With the removal of the pipeline in the 1800s, the Musconetcong River returns to a more natural state
Soon there may not be anything too remarkable about this part of the Musconetcong River. And that’s the point.
Until last month, oil lines from the late 1800s crossed the river between Washington Township in Warren County and Lebanon Township in Hunterdon County.
They haven’t been active for decades. Until recently, they served as a reminder of a bygone industrial era for this rural and wooded area of New Jersey and a nuisance to those who walked the river.
The removal of the pipes is heralded as another step in the return of Musconetcong to a more natural and fluid state.
“In their day (the hoses) were a wonderful technology that gave a boost to the local economy in this region, but by now they had become obsolete and posed a danger to the safety of kayakers and canoeists. ”Said Cindy Joerger, Executive Director of Musconetcong. Watershed association.
Representatives from the National Park Service and energy company Chevron celebrated the completion of the project on Tuesday with river defenders and local officials at the site, now dotted with freshly planted trees.
“We are happy that we can be the agent of change… to bring this river back to a more natural state, to remove the obstacles that once stood there and to make it available for recreation and beauty for generations to come.” said Henry Stremlau, an operations manager for Chevron Environmental Management Co., which deals with the remediation of the property.
The Musconetcong is a tributary of the Delaware River and flows over 40 miles from Lake Hopatcong. It holds national designations in the Wild and Scenic River program and the National Water Trails system.
Nine old oil lines crossed the river approximately 1,500 feet downstream from the Changewater Road Bridge and two miles upstream from Highway 31.
They were installed in 1887 as part of the Tidewater / Getty pipelines, which at the time was a new method of transferring crude from western Pennsylvania to the ports of Bayonne, New Jersey. A pumping station on the Hunterdon side was helping it flow.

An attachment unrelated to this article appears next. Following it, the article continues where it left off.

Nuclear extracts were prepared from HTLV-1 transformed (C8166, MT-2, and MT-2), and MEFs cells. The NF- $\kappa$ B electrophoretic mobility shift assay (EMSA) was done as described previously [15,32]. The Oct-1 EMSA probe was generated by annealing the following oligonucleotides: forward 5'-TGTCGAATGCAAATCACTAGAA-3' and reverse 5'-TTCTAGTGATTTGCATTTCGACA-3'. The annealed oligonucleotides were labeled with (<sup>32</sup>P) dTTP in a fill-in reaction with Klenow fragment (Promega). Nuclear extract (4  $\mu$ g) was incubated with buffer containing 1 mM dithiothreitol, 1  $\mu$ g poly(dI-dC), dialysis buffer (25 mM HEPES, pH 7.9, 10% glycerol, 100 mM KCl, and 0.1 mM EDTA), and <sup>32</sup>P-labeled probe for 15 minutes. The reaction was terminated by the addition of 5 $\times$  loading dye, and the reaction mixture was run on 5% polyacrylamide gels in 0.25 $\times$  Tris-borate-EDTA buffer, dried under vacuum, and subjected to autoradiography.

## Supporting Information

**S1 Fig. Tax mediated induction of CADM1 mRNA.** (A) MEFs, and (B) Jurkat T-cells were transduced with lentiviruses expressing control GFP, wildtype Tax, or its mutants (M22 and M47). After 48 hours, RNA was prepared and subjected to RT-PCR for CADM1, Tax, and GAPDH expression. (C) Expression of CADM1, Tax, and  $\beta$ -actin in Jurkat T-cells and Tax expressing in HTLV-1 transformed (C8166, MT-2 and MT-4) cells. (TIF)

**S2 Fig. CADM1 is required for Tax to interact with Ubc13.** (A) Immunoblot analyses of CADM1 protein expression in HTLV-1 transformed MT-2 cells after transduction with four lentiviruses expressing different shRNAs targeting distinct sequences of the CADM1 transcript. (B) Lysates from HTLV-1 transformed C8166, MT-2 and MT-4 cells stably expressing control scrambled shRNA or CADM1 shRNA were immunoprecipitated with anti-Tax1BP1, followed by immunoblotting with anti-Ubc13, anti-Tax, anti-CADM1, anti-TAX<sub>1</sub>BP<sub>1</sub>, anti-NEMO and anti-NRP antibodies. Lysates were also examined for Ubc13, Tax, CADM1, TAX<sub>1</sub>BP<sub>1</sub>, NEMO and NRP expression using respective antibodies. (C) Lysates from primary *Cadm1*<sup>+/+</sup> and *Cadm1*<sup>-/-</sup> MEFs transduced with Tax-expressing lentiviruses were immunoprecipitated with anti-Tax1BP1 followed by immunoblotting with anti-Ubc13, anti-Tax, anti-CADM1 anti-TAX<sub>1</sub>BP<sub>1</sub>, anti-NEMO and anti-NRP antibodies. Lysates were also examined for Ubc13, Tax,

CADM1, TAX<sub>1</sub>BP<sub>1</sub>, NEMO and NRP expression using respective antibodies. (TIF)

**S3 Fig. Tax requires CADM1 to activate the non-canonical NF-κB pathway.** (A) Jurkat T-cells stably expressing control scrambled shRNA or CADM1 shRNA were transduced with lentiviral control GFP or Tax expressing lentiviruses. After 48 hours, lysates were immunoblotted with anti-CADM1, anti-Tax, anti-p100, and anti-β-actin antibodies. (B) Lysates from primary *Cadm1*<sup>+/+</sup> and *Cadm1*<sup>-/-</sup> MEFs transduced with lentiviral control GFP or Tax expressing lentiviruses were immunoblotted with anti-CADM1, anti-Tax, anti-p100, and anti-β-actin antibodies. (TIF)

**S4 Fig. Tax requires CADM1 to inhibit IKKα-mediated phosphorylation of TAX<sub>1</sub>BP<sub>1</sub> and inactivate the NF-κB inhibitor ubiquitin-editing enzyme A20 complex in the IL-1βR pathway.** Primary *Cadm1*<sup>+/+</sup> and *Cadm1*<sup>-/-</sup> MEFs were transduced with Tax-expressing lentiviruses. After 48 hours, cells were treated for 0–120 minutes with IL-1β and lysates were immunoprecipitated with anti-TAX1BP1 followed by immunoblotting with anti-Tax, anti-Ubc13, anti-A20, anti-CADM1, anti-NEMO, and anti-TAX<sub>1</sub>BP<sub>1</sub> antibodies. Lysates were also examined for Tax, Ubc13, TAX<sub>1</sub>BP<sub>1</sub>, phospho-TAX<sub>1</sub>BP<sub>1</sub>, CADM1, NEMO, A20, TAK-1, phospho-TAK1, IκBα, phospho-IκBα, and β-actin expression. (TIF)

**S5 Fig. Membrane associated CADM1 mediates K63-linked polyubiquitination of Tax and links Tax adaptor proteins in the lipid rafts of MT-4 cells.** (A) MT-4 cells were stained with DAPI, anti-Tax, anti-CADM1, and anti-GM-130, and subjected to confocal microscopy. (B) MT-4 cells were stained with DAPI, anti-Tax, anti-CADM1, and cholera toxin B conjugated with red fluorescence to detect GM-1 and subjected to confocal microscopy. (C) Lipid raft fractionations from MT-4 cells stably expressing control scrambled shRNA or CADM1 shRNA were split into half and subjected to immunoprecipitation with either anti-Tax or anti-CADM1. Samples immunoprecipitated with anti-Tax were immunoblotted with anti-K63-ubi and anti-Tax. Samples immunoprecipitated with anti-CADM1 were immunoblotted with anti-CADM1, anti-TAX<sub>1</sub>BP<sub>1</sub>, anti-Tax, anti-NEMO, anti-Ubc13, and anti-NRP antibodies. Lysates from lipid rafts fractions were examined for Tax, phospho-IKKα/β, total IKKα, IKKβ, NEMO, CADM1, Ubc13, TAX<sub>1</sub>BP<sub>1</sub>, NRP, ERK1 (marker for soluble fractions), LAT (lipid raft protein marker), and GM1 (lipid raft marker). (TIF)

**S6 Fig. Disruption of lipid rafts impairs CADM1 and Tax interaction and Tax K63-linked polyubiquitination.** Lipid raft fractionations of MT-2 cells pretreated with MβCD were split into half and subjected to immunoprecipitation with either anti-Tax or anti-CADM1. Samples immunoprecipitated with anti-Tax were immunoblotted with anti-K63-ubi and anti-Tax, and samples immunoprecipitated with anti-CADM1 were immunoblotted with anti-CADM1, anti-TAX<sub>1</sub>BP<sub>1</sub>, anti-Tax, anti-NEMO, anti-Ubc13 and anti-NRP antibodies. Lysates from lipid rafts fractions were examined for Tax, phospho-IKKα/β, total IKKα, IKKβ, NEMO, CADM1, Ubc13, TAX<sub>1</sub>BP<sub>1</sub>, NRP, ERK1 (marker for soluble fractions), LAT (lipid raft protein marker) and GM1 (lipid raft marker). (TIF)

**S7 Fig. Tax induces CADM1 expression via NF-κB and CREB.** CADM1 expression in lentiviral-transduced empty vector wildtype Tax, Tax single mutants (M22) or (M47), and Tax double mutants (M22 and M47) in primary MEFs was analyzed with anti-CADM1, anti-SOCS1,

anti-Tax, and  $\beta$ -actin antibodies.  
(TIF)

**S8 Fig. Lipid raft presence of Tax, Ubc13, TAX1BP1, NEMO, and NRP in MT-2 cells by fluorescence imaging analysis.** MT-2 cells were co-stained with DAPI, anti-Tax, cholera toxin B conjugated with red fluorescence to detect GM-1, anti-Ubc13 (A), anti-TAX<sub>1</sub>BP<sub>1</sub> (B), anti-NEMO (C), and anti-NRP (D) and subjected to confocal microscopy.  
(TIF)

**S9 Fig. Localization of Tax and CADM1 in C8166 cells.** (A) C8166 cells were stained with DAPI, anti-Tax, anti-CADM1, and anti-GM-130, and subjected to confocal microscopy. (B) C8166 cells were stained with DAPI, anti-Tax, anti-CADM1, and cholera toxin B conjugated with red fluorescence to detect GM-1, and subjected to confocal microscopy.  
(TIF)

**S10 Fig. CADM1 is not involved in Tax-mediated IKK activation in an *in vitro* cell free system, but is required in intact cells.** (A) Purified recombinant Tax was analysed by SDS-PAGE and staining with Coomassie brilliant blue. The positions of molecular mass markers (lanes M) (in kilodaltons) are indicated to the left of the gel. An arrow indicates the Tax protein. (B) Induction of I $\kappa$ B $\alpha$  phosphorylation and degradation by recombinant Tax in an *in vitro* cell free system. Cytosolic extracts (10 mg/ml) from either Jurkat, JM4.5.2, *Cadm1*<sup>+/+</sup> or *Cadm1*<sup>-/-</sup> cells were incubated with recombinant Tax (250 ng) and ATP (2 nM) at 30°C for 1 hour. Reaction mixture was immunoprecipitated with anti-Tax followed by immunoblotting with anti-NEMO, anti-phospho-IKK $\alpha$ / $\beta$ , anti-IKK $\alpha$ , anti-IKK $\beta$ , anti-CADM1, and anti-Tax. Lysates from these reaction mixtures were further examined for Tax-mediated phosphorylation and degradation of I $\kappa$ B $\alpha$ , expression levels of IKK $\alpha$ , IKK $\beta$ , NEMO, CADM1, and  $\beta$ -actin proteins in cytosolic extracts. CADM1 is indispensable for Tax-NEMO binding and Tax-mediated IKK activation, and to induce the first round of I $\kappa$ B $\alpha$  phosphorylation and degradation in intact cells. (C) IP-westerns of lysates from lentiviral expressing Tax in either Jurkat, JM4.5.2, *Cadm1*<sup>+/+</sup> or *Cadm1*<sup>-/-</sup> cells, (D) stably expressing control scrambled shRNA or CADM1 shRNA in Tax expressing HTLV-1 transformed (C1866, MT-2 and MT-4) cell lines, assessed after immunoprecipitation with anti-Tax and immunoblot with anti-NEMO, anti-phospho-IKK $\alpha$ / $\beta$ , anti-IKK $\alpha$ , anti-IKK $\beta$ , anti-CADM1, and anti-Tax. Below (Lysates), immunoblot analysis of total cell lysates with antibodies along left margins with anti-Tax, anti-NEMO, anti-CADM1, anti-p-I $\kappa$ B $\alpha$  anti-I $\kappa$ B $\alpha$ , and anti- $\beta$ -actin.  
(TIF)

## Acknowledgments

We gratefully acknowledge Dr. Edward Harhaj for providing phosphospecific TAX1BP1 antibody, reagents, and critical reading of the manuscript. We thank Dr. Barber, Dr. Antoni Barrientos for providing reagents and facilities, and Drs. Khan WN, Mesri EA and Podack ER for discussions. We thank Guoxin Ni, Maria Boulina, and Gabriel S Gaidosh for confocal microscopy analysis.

“This stretch of the Musconetcong has been an important part of New Jersey’s industrialization in this region since iron forges were first built just up the river in the mid-1700s, followed by others. industries “, including a woolen mill, a distillery and graphite. mills, said the mayor of the canton of Lebanon, Mike Schmidt. “Tidewater’s operations followed these. “
The pumping facility acquired storage tanks in the early 1900s, said Stremlau, the Chevron representative. In the 1950s, its predecessor Texaco reversed the hoses, using them to transfer products like kerosene and diesel fuel from Bayonne refineries for local distribution.
The facility was closed in 1981. There are still houses in the area known as Tidewater Houses, where the employees lived, said Schmidt, the mayor of Lebanon township.
Most of the signs of the oil pumping station seem to be gone now. A wide rolling field leads to the wooded riverbank on the County Warren side, and houses line the river through the woods near the shipyard on the Hunterdon side.
Anyone traveling on the river itself would see mostly forest here. The site is delimited by a straw floor, carpets to fight against erosion and rows of young trees and shrubs. One side is guarded by a chain-link fence.
Summer rains delayed the removal of the pipes, but the work was completed on October 15, Stremlau said. He added that remediation efforts at the site are nearing completion.
Paul Kenney, of the National Park Service’s Wild and Scenic Rivers program, said free-flowing rivers are “better for the environment.” There have been many efforts to remove dams on local waterways, including the Musconetcong.
The pipeline has not completely disappeared. Schmidt said segments elsewhere in the Canton of Lebanon have been reused for fiber optic cables.
But the river itself will now look more like it was before the industry.
“Since we have been living here,” said the mayor, “it is particularly important to us that old uses have been responsibly returned to their natural state. “
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Steve Novak can be reached at [email protected].